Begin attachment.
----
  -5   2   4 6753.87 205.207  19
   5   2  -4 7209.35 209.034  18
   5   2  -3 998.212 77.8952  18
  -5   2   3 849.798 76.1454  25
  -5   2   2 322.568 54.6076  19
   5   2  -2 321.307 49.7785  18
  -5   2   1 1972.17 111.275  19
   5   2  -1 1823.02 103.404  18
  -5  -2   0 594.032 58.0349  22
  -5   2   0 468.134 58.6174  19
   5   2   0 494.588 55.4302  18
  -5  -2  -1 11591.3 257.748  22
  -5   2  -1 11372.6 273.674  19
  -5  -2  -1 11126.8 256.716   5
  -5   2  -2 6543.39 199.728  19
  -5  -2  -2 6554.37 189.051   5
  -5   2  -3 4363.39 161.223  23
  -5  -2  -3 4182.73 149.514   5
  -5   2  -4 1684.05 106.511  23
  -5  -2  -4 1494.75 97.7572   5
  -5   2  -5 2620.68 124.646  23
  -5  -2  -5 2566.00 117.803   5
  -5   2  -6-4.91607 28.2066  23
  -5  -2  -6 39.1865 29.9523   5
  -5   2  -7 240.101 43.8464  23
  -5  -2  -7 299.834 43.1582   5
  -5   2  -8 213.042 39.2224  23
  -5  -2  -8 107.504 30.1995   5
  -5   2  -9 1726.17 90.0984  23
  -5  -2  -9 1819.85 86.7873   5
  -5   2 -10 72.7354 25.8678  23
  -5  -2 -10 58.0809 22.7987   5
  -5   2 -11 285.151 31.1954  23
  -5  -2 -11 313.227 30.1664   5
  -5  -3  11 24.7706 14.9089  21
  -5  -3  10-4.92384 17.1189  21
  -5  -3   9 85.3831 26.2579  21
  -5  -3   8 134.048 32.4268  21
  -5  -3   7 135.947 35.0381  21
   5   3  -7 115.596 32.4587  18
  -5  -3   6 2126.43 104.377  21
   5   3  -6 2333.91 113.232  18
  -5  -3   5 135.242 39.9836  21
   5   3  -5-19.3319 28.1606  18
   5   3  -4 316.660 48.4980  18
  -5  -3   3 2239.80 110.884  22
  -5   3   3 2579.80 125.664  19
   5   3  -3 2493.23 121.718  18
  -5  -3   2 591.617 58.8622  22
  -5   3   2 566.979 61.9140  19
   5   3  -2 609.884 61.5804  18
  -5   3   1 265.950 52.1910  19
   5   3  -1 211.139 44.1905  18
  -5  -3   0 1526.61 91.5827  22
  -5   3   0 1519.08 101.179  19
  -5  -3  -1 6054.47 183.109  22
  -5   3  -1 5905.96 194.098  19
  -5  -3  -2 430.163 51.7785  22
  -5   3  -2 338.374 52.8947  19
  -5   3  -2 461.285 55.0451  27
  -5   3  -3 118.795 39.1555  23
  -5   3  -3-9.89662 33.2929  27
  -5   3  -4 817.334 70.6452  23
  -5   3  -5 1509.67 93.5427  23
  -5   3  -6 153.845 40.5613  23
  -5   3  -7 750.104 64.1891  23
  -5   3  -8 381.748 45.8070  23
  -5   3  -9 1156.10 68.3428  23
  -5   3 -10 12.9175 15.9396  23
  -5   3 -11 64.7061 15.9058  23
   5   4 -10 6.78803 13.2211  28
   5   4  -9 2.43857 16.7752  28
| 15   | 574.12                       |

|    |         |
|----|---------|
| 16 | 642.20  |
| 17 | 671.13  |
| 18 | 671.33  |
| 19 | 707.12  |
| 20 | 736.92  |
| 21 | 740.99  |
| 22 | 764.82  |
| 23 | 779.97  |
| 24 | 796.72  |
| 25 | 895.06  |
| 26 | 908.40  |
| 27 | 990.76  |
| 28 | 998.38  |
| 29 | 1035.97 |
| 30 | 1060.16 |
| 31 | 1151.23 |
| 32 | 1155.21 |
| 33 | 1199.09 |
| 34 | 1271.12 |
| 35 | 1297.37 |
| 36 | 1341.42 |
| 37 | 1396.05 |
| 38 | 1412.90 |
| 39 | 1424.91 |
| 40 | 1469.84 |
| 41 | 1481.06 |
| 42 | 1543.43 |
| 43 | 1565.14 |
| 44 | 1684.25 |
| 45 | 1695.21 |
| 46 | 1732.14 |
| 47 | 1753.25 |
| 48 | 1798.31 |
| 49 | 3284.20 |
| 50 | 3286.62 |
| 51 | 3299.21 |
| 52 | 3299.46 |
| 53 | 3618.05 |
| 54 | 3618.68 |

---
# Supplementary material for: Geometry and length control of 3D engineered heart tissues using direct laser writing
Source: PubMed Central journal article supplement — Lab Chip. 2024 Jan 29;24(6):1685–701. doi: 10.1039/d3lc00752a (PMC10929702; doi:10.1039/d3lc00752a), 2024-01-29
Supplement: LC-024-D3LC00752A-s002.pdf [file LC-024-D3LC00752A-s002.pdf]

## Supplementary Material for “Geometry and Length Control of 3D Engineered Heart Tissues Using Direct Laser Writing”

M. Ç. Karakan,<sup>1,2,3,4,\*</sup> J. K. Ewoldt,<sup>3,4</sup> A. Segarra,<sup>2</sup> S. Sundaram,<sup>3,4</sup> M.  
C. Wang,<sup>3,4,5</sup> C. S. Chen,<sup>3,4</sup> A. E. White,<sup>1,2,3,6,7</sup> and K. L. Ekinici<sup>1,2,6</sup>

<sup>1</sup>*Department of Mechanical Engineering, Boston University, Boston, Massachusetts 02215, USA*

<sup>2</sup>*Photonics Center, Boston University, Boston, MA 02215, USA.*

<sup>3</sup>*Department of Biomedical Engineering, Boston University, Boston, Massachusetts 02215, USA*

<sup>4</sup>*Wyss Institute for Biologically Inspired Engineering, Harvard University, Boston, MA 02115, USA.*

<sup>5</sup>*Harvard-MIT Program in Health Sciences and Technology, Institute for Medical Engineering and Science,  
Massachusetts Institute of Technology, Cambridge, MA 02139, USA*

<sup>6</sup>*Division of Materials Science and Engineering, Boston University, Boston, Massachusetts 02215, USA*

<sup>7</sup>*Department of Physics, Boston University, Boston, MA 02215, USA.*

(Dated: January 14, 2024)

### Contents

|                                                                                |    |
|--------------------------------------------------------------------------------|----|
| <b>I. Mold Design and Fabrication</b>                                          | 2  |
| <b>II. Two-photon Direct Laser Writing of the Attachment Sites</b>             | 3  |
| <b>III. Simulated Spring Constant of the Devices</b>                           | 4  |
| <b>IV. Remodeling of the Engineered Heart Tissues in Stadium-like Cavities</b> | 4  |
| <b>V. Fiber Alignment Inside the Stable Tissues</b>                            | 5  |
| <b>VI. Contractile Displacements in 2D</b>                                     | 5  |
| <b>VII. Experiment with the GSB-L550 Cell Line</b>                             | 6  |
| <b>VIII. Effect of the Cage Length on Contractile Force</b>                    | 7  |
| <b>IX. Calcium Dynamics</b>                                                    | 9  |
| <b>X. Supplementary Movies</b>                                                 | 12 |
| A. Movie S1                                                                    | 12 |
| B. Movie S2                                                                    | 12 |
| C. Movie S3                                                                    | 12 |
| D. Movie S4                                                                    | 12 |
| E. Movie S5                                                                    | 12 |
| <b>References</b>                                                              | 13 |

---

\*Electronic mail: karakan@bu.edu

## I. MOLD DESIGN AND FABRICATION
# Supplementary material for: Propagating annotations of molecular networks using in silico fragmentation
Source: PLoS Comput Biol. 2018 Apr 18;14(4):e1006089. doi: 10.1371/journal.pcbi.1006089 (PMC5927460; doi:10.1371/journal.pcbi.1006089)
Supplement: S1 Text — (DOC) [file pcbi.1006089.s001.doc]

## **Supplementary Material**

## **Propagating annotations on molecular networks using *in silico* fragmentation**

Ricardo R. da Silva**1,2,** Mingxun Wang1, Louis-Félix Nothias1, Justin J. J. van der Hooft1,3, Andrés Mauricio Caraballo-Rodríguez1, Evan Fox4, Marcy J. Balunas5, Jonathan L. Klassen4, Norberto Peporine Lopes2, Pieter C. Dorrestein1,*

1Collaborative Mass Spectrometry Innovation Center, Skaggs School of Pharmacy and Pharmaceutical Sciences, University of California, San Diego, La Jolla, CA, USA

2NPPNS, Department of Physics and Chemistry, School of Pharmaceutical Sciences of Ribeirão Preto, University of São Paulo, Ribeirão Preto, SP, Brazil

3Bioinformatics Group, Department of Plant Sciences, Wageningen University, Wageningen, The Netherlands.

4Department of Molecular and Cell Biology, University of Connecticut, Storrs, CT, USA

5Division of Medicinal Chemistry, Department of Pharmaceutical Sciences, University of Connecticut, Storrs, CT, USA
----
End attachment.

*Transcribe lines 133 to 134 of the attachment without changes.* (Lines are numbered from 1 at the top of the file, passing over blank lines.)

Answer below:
|--------------------------------------------------------------------------------|----|
| <b>I. Mold Design and Fabrication</b>                                          | 2  |